People die. And that got us thinking. After you die, does your soul endure? Are you instantly annihilated? Are there refreshments? The answer is, none of that matters. What matters is how people remember you after you are dead, how you are immortalized through the written word. But you who are alive shouldn’t always believe the lies you read in obituaries.

To begin with, death isn’t all candies and wishes. We hate to be the (pall)bearers of bad news, but, much in the same way that all roads lead to Rome, all roads lead to death. Especially when you’re driving a charter bus filled with mollycoddled minor league baseball players, racing down I-294 so you’re not late for that damn game against the league champion Arlington Carpetbaggers.

Freeze frame. A herd of geese wanders into the road. Your whole entire life flashes before your eyes as you careen into the embankment. Red skinned potatoes in August. Tracy Gold in winter. Under the boardwalk, out of the sun. Mother Gibbs in a flowered gingham. A monster mash … a graveyard smash.

A graveyard smash. Twenty-three men dead in a ditch on a beautiful Thursday afternoon. The entire Mahwah Regulars roster slid home for the last time, grounding into that great double play in the sky. The game against the Carpetbaggers had to be forfeited. General Manager Lefty McGrove was quickly informed of the tragedy. Grief-stricken, he made the call, trading eight of his nine starting players to the Tigertown Dockworkers in exchange for the Brothers Noriega, longtime septuplets and circus-acrobats-turned-ballplayers. Meanwhile, the wreckage of the aforementioned bus was still aflame. However, state authorities have assured us that any rescue attempt would have been futile.

Starting pitcher Jerome Flaubert is survived by his house and his beautiful, supple, voluptuous, and often unattended young wife, Blanche Devereaux. He was the basis for Tony Danza’s award-winning performance in “Angels in the Outfield.” Danza said of Flaubert, “Now there was a man. A man of baseball. A baseball-playing man. I like pizza.” Flaubert was favored to win this year’s Percy H. A. Adams Award for Pitching Excellence. Instead, the award will most likely go to some Peruvian.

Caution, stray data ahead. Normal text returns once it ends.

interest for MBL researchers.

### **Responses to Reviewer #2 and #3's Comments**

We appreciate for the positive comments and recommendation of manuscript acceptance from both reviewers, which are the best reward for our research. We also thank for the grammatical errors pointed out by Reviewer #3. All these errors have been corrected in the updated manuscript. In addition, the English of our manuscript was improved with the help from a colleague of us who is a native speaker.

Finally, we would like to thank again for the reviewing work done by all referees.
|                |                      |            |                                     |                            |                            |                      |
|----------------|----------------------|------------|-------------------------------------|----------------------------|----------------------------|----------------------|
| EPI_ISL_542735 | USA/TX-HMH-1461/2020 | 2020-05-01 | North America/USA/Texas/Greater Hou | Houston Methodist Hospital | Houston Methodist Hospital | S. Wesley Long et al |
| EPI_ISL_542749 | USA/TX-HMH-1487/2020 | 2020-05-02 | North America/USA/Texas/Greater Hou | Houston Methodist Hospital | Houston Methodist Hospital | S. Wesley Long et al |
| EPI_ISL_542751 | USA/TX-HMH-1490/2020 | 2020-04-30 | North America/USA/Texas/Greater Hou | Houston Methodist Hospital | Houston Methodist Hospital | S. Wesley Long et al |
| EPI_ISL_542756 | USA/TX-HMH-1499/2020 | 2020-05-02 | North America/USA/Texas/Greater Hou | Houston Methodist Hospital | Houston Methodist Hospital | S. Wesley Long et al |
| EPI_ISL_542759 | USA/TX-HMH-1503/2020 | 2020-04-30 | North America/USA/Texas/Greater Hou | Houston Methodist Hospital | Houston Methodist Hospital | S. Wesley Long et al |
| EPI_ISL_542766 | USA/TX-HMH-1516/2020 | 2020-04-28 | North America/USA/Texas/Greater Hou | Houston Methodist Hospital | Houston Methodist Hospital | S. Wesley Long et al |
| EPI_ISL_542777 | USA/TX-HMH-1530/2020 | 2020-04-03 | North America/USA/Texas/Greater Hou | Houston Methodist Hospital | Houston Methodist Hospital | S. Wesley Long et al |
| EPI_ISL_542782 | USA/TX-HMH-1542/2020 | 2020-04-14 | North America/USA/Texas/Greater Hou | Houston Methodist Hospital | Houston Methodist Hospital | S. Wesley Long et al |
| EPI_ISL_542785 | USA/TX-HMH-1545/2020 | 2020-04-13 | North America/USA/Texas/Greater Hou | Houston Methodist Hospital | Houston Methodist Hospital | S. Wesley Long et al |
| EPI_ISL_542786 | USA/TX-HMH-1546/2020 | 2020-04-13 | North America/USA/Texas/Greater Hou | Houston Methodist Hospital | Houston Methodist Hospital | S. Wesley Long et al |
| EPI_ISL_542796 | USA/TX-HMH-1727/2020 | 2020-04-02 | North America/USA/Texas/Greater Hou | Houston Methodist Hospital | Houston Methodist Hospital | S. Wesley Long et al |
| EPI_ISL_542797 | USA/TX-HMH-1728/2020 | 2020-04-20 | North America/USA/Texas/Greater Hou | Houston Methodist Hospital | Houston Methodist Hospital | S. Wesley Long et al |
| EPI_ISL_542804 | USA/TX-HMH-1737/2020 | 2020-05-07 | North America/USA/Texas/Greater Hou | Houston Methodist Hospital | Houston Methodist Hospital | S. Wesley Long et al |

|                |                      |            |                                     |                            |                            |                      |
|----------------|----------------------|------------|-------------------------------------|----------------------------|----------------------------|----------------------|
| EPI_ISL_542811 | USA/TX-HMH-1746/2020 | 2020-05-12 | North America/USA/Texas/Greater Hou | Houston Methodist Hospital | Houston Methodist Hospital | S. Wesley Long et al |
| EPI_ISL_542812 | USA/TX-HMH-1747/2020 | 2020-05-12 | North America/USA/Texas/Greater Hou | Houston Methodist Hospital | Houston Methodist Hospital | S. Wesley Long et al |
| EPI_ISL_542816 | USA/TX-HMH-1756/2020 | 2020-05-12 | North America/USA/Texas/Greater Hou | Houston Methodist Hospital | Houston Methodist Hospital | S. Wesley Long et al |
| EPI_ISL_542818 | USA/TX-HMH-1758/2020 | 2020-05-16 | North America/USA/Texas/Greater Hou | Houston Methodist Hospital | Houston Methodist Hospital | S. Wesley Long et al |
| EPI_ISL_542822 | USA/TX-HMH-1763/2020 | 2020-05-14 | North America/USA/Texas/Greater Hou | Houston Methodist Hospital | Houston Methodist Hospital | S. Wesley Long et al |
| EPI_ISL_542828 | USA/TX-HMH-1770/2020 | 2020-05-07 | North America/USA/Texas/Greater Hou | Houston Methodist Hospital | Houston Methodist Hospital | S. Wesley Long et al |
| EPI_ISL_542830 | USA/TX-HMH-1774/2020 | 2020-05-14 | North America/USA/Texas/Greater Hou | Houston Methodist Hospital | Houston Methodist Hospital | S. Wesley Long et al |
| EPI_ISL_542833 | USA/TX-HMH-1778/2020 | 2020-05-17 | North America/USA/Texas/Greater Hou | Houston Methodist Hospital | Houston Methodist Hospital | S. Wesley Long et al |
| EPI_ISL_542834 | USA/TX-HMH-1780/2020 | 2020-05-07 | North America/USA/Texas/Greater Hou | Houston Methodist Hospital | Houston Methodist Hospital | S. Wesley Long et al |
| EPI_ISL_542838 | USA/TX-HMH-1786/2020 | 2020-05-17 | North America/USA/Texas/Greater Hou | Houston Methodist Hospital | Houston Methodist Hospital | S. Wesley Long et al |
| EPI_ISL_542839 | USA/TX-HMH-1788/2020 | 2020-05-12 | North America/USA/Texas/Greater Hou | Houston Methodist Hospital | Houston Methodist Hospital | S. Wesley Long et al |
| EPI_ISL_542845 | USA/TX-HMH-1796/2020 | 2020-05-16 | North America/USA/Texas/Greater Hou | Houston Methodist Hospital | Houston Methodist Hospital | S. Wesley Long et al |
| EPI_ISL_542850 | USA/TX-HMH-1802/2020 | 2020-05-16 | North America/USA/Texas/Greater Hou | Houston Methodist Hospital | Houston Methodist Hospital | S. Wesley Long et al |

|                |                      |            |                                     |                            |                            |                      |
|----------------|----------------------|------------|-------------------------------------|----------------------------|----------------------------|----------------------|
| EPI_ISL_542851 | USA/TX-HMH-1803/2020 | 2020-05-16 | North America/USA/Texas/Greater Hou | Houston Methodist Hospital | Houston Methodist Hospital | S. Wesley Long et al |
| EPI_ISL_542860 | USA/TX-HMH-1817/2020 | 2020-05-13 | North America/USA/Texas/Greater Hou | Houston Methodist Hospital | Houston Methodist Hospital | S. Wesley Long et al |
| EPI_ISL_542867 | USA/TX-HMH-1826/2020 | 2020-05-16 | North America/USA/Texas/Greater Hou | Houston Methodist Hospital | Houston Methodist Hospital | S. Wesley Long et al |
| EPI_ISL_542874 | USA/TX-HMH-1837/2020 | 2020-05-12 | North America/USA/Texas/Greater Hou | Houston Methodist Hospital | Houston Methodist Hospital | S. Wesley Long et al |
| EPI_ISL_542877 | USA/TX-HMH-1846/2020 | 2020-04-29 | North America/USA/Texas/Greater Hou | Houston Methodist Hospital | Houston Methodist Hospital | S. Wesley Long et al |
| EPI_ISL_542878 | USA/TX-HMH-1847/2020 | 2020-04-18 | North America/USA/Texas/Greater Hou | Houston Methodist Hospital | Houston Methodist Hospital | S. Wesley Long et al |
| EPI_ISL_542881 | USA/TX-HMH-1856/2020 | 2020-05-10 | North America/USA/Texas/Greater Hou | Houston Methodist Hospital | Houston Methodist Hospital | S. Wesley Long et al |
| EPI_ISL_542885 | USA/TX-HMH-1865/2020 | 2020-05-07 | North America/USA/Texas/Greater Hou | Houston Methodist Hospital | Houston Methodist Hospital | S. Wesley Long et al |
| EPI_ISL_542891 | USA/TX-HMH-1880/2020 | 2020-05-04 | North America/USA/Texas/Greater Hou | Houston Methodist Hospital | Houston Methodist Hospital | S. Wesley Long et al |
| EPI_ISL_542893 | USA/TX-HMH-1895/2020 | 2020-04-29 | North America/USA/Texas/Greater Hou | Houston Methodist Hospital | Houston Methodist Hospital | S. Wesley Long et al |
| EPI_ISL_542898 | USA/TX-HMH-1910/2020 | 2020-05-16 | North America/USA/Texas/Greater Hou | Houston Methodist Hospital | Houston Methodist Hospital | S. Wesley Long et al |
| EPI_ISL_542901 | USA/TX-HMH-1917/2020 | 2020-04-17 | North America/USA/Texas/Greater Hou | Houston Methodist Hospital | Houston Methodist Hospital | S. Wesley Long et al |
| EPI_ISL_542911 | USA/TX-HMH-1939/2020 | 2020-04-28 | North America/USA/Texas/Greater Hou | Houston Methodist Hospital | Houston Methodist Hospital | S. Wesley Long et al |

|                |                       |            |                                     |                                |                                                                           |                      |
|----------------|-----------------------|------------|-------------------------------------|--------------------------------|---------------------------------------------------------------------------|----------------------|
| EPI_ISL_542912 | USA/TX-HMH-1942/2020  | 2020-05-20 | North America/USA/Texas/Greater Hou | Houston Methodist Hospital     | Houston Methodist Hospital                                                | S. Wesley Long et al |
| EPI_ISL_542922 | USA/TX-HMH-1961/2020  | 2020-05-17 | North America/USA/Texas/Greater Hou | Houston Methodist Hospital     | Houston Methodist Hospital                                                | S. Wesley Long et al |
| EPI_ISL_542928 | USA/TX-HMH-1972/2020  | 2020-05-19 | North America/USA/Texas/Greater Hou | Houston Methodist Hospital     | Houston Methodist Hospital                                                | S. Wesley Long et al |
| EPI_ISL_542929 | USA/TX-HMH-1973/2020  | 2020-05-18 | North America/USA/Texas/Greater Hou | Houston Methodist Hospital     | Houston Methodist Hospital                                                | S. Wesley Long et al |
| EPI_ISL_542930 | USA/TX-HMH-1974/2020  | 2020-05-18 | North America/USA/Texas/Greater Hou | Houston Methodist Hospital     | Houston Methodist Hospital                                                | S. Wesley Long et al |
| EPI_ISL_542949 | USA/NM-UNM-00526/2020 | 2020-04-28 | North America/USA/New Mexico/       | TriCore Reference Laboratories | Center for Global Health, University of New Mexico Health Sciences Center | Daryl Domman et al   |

Ohil “Betty Spaghetti” Amato, starting center fielder, was the best damn minor league ball player we ever saw. We should all remember that time he raced through the outfield as he chased down a deep fly ball. Picture him running through the center field wall, catching the ball in his hat as a choir of angels descended from heaven streaming glories upon his league-leading statistics. He was always a crowd favorite and will be missed.

Ralphery McKenzie, the team’s cleanup hitter and starting catcher, was a womanizer. A dissolute womanizer. Nevertheless, he was a talent both on and off the ball field. He holds the record for most home runs by a catcher and the highest score in darts. He overcame many a difficulty, for not only was he a switch hitter (on and off the field), but he was also Scottish. He will be sorely missed on the field.

Little Roddy just graduated from the local high school. His father, Frank Roddy, was the team’s first baseman and the oldest member of the team. A veritable Regular legend, he was a madman on the base path. Even in his elder years, he stole bases like other men steal other items. His wife Sophie was a mother to all the Regulars even in their darkest times, cooking fresh meals and hosting cocktail parties for all the men and their families. “I have been a mother to the Regulars even in their darkest times,” she said as she choked back a tear, “but I’ve never seen a time as dark as this hour.” A screening of “Who’s on First?” will be held at Roddy’s funeral.

In American folklore, storks carry newborn babies to their mothers. Coach Buzzy Storks carried his young team back to their natural mother earth in his paternal beak that fateful afternoon. Unlike the other young hopefuls, Buzzy had seen the bright lights of the Big Leagues. A Montreal Expo for three years, he is most remembered for his staunch refusal to play for any American team: “Buzzy Storks won’t take no paycheck from Uncle Sammy. I like my money like I like my women. In my pocket and Canadian.” Buzzy didn’t believe in coaching signals or spoken language, and he was the first coach to employ a teleprompter to communicate with his players, coaching staff and family. His revolutionary methods and vision won’t be teleprompting much this upcoming season.

Matthew Singleton’s .153 batting average and lack of speed or power will also be missed.

An empty stadium stands in Mahwah, waiting. Some townsfolk swear they can hear the stadium cry.

These people know nothing of baseball. Like life, and death, baseball is a game of fate, and sometimes fate (and life and death) goes awry. If you build it, they will come, and sometimes that means you come home in a pine box. But death is not really an end. Even when someone dies, his memory lives on in an obituary. We can’t remember Grandma, but we have the newspaper clipping to prove she was real. So cut out this column and paste it to your heart so you will remember. Remember the at-bats, the ground balls, the on-decks, the in-the-holes. Remember each walk, each balk, the coach who wouldn’t talk. Remember the double plays, the infield fly rule, tagging up and reaching home. Remember the Regulars. We will.